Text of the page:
Can Ferrets Eat Honey? (7 Interesting Facts)

Honey is one of the most delicious and nutritious foods for us humans. But what about ferrets? Is it alright for ferrets to eat honey? Read on, to find out.

Can ferrets eat honey? No, ferrets should eat honey as a food. The amount of sugar in honey is too much for ferrets. But ferrets that are having seizures due to insulinoma may be given a little honey (on their gums) as first aid.

Feeding ferrets on honey routinely is, however, a very bad idea.

Can ferrets eat honey
Can Ferrets Eat Honey?


Is Honey Safe For Ferrets?

Honey as a food is not safe for ferrets. Ferrets are obligate carnivores, and foods like honey are not suitable for them.

Honey can only be helpful, as first aid, to ferrets that are having seizures due to insulinoma.


Is Honey Beneficial For Ferrets?

As a food, honey is not really beneficial for ferrets. Ferret’s short digestive systems are unable to break down honey properly, and get the nutrients that honey is rich in.

The only exceptional circumstance under which honey can be beneficial for ferrets is if they are having seizures due to insulinoma. In that case, applying a little honey to the ferret’s gums, followed by a high protein food, can be helpful.


Can Ferrets Be Fed On Honey?

Ferrets shouldn’t be fed on honey.

Honey is neither safe nor really beneficial as a food for ferrets.

Therefore feeding ferrets on honey is not a good idea.

Even a small amount of honey can cause very considerable harm to a ferret. Therefore there is really no question on how much honey is too much for ferrets: because even little honey can harm them.

And if you were wondering, can ferrets eat honey daily, then obviously the answer is ‘no’. They shouldn’t even eat it at all.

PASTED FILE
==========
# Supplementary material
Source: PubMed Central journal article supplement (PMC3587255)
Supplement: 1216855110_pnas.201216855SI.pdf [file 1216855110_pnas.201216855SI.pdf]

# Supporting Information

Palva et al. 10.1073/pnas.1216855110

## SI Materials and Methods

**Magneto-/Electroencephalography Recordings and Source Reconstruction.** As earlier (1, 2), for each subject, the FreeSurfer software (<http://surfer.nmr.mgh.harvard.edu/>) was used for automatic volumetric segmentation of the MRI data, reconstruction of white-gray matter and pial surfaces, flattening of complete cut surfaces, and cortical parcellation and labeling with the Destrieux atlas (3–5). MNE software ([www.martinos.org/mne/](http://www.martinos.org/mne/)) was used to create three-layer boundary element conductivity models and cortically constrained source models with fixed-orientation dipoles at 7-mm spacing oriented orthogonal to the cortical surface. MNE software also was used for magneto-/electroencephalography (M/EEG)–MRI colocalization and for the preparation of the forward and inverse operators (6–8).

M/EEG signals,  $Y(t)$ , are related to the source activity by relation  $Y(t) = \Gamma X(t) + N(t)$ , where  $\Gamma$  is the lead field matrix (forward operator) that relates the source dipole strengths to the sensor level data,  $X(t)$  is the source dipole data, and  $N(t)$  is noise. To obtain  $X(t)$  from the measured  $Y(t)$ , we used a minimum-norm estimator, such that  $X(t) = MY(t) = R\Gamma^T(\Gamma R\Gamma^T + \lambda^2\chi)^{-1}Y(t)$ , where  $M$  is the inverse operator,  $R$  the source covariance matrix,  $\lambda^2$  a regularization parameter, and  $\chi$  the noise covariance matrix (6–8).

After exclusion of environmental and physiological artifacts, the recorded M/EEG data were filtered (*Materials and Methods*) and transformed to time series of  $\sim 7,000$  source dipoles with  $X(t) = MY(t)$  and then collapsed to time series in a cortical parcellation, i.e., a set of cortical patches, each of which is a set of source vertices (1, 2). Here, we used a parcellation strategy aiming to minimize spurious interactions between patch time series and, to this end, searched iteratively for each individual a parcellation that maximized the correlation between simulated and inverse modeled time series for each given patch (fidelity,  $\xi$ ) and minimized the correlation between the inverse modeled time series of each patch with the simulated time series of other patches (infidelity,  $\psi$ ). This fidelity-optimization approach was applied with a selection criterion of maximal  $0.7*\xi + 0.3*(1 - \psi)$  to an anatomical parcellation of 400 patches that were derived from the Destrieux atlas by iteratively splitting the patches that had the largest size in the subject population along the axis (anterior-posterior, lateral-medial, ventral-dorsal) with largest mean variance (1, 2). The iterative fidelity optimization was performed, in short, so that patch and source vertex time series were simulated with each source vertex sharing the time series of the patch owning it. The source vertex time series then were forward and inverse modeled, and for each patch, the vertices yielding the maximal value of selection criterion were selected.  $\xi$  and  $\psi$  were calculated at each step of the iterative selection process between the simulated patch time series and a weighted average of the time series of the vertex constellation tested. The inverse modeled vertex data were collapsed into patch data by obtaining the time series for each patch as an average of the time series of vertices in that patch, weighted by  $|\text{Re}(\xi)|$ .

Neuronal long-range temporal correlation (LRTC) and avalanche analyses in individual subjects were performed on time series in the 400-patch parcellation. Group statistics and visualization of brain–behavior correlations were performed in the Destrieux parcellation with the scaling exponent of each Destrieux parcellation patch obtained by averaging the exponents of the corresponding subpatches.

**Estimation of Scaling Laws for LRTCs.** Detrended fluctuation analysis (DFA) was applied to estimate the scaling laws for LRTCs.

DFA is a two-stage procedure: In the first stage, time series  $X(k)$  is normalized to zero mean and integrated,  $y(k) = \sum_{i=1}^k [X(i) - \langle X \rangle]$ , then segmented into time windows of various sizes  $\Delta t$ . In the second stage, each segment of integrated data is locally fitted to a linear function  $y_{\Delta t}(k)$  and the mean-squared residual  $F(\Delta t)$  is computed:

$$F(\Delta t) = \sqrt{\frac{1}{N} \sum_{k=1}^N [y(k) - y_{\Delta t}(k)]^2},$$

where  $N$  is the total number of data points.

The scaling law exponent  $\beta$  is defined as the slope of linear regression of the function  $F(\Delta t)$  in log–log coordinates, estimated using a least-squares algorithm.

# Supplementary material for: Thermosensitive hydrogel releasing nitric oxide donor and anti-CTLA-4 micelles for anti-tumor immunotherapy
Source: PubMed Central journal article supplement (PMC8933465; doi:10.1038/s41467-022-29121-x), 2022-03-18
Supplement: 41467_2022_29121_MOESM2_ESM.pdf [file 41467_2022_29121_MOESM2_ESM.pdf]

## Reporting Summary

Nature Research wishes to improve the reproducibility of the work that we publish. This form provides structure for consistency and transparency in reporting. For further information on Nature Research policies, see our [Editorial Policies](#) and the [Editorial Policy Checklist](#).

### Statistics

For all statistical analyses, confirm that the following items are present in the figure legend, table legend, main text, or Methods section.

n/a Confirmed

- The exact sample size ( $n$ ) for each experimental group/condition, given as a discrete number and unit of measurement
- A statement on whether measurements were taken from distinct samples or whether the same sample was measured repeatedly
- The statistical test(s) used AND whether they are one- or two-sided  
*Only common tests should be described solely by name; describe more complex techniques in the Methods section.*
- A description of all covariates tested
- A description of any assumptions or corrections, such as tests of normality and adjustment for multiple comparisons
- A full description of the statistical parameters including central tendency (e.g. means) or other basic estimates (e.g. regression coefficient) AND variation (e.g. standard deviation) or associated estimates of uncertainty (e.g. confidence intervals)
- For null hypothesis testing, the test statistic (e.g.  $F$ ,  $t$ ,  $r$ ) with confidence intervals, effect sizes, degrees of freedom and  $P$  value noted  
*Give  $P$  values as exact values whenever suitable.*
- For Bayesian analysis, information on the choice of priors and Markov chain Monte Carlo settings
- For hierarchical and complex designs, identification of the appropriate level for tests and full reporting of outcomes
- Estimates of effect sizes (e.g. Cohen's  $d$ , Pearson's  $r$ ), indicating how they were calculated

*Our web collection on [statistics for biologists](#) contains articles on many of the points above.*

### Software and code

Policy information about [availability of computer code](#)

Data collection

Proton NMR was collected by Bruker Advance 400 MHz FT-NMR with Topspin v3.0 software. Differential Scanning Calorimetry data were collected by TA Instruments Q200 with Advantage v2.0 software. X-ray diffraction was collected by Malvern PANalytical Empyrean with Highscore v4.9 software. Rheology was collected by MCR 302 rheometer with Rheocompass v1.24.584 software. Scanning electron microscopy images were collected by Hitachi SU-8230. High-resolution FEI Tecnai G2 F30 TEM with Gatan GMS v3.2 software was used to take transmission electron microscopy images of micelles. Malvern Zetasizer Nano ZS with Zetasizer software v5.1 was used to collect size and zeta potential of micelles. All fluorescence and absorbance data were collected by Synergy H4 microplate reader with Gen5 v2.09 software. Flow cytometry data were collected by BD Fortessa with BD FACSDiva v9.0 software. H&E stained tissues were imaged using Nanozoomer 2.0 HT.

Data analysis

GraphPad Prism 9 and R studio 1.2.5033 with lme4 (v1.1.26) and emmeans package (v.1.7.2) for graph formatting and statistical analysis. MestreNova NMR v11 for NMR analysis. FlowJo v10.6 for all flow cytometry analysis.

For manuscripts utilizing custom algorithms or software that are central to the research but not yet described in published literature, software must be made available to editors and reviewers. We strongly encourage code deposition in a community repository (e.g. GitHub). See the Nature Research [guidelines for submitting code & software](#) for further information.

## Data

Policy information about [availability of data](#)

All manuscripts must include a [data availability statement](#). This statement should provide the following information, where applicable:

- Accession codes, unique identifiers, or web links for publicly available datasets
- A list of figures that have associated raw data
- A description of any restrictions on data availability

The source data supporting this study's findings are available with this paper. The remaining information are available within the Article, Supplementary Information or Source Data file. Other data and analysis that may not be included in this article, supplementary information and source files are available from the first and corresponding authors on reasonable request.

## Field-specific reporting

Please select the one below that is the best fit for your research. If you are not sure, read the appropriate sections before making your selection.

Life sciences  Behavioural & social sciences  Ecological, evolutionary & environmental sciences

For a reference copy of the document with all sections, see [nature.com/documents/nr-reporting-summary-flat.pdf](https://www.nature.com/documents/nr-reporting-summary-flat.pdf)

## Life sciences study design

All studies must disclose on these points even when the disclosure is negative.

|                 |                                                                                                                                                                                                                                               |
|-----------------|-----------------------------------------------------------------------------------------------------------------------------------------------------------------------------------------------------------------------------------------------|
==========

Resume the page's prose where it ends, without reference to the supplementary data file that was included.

Can Adult Ferrets Eat Honey?

Adult ferrets should not eat honey. Eating honey has potential to harm the ferrets both in the short run and in the long term.

Thus honey is not a suitable food for adult ferrets. That is unless they are adult ferrets that are having seizures due to insulinoma, and in which case applying some honey to their gums can help.


Can Baby Ferrets Eat Honey?

No, baby ferrets should not eat honey.

Allowing a baby ferret to eat honey can lead to major health problems, starting with diarrhea and stomach upset. Therefore baby ferrets should not eat honey.


Is There Any Type Of Honey Ferrets Can Eat?

Honey comes in several forms. What we now need to find out is whether any of those forms of honey is suitable for ferrets to eat.

We will start with raw honey, before turning to honey comb and milk sweetened with honey.


Can Ferrets Eat Honey Raw?

Ferrets should not eat raw honey.

Because they are obligate carnivores, honey is a very unnatural (and pretty much impossible to digest) food for them.

Therefore ferrets should not be fed on raw honey.


Can Ferrets Eat Honey Comb?

Ferrets cannot eat honey comb.

If they are offered honey comb to eat, most ferrets will tend not to show much interest in it. But even if they show interest in eating it, honey comb is not a suitable food for ferrets. It can harm them.


Can Ferrets Drink Milk With Honey?

Milk that is sweetened using honey is not suitable food for ferrets.

Such milk can leave the ferrets with health issues, hence the reason why you shouldn’t offer ferrets milk with honey.


Why Is Honey Bad For Ferrets?

Milk is bad for ferrets because it has potential to make them ill.

Ferrets are obligate carnivores, for whom foods with sugar (like honey) are completely unsuitable.


Final Verdict – Can Ferrets Eat Honey

Ferrets should not eat honey. Honey contains more sugars than ferret bodies can ever handle. The ferrets are obligate carnivores, and eating honey can leave them quite sick.

Can ferrets eat honey
Can Ferrets Eat Honey Daily?

The only exceptional circumstance under which a little honey can be helpful to a ferret is if the ferret is having a seizure due to insulinoma. Then honey may be good first aid.

Historically, Honey is, however, not a proper food for ferrets to eat routinely.

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The information, including but not limited to, text, graphics, images and other material contained on this website are for informational purposes only. No material on this site is intended to be a substitute for professional veterinary advice, food recommendation, diagnosis, or treatment. Always seek the advice of your veterinarian or other qualified health care provider with any questions you may have regarding a medical condition or for pet food related questions.

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